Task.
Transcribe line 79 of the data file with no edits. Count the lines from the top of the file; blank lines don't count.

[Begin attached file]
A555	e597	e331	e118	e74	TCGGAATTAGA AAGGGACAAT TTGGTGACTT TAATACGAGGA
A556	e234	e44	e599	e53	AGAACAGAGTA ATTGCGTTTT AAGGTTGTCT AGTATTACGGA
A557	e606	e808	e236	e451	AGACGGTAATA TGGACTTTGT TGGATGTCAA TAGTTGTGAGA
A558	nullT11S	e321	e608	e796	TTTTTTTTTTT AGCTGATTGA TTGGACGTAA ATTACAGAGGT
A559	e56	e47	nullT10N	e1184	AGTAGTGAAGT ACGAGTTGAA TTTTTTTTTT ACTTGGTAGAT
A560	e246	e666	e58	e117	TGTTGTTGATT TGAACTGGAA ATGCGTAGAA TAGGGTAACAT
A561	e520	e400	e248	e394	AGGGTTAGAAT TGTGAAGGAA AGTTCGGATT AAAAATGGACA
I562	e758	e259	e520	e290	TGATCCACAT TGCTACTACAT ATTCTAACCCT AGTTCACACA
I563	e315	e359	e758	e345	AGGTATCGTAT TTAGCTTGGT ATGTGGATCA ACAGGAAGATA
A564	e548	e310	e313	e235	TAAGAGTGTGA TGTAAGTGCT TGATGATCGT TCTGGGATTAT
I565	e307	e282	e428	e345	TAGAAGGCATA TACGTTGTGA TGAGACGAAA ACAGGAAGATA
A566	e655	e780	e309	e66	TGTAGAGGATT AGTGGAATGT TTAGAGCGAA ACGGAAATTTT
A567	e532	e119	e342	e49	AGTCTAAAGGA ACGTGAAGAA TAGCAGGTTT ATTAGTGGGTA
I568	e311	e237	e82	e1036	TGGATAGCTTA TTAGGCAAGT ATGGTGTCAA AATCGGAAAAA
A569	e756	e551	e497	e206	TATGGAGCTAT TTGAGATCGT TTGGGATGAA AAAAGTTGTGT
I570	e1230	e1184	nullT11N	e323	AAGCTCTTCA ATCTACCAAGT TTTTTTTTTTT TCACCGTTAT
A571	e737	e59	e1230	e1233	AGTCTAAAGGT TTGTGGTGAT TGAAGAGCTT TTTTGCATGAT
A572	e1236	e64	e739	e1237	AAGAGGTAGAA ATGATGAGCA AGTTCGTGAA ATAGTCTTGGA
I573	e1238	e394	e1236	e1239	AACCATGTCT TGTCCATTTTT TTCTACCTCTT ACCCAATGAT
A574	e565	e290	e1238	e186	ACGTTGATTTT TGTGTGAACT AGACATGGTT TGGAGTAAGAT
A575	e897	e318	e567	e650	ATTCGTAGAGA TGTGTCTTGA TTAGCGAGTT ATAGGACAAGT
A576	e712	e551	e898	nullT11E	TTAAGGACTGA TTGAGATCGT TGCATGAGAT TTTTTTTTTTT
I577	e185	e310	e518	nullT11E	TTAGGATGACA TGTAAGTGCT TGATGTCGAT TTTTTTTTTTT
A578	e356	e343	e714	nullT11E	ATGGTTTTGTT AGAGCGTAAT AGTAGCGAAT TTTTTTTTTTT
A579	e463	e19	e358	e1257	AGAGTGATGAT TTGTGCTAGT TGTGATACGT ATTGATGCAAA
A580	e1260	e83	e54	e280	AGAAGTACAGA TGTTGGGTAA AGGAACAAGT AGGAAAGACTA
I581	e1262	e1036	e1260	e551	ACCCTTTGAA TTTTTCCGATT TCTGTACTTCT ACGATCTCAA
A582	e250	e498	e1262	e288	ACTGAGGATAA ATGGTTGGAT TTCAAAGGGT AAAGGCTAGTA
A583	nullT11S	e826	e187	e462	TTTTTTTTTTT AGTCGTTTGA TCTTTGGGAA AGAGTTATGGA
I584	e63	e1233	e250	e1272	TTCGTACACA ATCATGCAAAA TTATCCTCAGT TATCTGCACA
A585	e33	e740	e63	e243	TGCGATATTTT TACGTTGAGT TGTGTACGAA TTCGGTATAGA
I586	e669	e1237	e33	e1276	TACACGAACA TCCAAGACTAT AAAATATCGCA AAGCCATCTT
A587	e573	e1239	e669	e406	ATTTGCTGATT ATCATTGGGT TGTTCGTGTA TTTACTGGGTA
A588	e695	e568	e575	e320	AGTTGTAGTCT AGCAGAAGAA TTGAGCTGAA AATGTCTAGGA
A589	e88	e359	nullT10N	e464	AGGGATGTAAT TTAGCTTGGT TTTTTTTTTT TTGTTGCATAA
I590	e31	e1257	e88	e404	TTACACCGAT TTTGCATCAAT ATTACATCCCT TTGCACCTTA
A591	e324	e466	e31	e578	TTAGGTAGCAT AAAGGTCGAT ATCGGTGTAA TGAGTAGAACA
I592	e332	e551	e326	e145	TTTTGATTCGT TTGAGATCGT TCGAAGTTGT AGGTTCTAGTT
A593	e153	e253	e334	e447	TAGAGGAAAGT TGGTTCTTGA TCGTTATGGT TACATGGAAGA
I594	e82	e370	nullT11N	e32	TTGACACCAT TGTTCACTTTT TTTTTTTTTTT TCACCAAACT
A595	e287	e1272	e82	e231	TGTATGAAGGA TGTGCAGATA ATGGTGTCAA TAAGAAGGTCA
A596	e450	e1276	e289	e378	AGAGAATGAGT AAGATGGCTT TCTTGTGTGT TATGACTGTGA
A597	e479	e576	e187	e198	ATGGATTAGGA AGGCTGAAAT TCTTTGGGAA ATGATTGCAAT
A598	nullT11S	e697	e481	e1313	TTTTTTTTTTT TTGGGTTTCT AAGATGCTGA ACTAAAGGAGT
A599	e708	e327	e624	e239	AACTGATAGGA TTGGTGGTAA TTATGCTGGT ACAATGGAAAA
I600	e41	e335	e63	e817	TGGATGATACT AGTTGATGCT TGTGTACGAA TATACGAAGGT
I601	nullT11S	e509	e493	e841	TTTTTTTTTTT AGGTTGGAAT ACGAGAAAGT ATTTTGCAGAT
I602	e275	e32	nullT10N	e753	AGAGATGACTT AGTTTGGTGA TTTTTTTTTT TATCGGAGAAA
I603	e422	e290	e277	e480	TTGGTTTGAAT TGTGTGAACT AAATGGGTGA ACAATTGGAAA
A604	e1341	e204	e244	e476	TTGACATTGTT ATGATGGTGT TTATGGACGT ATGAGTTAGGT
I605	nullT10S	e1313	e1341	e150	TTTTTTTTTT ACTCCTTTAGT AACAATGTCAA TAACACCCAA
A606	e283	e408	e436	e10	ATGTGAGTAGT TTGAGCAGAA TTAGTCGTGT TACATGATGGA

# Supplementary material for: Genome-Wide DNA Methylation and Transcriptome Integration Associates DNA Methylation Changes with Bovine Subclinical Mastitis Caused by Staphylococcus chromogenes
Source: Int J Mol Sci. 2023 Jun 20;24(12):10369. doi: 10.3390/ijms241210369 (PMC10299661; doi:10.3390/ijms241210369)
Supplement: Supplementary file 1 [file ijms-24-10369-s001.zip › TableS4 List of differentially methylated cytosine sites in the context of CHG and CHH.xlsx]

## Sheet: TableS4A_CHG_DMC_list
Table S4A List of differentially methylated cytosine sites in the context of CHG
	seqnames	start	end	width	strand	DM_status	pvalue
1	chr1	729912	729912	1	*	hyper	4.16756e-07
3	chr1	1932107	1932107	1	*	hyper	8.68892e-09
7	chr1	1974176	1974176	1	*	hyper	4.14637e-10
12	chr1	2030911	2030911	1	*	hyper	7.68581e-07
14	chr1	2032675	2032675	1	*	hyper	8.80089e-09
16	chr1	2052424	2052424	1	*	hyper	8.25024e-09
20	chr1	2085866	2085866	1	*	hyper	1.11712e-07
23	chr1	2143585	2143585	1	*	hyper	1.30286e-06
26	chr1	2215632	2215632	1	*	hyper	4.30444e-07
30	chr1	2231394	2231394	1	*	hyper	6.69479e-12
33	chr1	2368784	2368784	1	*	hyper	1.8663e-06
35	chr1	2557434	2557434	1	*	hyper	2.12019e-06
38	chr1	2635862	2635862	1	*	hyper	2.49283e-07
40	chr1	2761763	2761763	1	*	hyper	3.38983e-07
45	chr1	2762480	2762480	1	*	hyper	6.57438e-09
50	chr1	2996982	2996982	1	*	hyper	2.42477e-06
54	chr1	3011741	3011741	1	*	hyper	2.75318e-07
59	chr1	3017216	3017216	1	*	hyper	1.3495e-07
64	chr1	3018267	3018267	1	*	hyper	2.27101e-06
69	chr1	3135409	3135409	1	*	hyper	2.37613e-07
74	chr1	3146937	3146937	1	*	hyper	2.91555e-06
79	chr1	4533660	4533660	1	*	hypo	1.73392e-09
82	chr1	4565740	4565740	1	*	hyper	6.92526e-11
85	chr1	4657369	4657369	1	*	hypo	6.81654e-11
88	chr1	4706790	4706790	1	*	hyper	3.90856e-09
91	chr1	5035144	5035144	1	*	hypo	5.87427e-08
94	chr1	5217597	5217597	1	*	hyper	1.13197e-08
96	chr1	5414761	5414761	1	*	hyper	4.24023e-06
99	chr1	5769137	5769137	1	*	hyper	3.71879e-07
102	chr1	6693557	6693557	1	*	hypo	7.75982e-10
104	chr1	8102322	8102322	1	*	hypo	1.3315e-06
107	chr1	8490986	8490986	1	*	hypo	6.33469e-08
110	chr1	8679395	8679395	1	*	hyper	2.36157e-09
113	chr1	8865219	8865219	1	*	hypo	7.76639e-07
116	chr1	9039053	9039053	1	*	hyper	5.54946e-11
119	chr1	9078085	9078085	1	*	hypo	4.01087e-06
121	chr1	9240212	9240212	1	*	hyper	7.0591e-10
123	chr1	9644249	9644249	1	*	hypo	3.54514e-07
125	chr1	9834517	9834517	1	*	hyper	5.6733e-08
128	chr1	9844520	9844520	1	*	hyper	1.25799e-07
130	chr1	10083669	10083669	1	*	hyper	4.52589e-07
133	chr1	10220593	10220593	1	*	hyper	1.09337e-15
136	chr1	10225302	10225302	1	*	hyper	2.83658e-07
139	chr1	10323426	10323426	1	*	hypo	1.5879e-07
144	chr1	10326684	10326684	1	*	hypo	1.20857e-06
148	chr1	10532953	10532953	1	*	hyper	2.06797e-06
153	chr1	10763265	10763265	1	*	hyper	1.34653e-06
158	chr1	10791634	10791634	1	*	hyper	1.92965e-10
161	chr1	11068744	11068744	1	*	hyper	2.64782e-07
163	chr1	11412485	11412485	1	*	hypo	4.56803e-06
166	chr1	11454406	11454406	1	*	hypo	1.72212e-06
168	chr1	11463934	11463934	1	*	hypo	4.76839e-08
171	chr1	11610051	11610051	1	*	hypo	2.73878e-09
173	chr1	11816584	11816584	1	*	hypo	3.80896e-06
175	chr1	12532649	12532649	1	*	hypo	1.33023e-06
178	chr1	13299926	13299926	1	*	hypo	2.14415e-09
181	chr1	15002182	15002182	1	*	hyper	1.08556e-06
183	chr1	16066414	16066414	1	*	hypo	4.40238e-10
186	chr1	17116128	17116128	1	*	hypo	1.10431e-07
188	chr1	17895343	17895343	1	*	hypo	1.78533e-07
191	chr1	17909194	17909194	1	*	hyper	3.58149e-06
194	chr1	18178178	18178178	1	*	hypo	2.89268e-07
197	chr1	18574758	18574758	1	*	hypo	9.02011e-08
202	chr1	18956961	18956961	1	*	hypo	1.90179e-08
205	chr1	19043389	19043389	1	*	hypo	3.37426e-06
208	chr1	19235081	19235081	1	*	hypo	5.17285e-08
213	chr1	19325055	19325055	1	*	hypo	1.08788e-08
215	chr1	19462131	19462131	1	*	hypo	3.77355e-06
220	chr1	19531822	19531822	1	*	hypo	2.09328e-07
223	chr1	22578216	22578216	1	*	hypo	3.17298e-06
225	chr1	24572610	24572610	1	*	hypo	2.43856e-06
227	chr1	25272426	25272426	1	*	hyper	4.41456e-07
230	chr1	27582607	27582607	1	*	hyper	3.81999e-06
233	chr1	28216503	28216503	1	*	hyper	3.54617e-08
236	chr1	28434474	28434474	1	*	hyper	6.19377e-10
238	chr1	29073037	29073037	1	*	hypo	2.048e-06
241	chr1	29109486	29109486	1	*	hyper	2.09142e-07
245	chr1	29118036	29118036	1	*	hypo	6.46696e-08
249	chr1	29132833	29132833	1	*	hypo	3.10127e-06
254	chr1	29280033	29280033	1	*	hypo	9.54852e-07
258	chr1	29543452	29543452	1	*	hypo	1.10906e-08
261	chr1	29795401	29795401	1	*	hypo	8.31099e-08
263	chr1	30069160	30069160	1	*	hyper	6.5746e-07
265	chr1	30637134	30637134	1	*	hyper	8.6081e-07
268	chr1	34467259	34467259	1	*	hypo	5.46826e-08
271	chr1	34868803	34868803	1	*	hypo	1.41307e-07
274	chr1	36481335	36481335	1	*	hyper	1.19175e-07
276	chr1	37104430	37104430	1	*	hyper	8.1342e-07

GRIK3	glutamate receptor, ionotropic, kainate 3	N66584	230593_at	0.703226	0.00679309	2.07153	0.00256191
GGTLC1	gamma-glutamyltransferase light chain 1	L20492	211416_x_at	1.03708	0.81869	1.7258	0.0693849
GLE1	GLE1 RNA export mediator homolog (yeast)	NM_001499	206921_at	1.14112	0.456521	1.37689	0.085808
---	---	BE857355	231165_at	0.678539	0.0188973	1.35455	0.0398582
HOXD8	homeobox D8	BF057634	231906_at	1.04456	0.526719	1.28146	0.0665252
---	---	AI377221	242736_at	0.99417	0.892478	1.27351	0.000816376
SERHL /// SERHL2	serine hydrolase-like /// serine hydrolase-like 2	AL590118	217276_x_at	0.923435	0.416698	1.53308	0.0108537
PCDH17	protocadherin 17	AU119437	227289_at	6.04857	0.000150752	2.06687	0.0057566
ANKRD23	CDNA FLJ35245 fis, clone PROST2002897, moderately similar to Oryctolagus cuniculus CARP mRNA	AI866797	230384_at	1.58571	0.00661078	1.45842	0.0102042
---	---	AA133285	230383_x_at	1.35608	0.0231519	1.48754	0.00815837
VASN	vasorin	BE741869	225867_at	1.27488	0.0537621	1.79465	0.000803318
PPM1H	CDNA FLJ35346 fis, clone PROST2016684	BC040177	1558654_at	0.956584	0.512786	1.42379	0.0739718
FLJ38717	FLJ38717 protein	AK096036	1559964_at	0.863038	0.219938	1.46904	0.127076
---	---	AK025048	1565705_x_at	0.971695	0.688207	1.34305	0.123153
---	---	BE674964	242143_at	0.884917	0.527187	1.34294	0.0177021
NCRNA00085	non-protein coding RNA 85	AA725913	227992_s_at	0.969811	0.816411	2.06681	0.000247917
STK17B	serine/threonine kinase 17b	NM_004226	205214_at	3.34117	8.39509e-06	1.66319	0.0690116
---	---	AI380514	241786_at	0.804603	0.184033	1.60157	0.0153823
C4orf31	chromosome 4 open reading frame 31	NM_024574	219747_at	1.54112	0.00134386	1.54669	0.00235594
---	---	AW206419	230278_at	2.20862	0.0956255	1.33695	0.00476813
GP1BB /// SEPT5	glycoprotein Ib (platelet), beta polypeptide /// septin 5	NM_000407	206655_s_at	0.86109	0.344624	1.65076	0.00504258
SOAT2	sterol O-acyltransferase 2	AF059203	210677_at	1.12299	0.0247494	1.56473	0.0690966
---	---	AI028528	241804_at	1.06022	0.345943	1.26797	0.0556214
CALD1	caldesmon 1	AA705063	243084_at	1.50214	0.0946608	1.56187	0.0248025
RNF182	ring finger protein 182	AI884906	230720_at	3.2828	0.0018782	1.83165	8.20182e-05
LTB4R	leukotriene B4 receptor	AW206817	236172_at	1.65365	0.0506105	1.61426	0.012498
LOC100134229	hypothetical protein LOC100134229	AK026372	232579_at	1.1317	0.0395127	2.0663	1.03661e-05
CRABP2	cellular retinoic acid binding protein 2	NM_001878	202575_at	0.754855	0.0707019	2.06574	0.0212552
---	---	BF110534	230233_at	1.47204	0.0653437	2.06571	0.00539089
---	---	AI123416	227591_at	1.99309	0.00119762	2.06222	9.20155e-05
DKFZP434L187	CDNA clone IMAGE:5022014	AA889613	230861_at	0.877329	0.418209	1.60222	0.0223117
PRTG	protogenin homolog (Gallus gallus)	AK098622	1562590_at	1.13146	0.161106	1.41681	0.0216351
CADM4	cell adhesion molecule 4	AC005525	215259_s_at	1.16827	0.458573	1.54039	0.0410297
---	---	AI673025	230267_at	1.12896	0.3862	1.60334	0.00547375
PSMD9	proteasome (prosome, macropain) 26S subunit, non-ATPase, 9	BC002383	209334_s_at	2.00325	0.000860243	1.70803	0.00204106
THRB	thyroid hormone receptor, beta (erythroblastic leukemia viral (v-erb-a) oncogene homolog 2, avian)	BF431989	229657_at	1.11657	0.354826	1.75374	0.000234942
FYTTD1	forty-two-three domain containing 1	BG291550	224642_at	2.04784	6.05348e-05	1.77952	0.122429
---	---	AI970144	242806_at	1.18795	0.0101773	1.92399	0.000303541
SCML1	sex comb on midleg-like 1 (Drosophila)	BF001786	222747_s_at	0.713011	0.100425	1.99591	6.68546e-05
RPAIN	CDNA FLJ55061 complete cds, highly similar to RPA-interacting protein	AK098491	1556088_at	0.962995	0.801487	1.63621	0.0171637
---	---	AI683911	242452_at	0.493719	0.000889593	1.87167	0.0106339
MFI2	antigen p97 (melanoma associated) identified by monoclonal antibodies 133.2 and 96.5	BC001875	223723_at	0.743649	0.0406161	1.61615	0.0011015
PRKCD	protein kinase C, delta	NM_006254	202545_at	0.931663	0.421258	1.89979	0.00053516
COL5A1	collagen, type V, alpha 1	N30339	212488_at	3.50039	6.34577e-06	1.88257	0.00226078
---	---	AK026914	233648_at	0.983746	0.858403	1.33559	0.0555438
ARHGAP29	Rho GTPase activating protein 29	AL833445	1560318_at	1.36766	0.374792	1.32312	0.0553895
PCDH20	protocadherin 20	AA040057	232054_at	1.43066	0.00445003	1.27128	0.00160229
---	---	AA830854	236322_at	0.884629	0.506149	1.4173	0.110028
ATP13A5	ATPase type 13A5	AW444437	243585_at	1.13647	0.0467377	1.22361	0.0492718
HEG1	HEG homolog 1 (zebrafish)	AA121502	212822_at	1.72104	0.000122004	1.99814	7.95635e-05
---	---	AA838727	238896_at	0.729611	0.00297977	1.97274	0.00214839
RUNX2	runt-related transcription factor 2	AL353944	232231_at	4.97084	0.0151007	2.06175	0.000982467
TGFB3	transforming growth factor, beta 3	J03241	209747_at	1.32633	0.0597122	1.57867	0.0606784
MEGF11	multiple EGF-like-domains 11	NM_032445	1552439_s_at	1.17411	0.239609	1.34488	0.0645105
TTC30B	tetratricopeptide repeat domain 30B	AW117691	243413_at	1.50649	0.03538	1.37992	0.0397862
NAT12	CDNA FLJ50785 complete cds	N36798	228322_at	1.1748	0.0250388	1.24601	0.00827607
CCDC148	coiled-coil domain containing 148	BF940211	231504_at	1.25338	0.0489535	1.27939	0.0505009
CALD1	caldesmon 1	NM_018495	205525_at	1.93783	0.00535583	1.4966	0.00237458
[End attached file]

74	chr1	3146937	3146937	1	*	hyper	2.91555e-06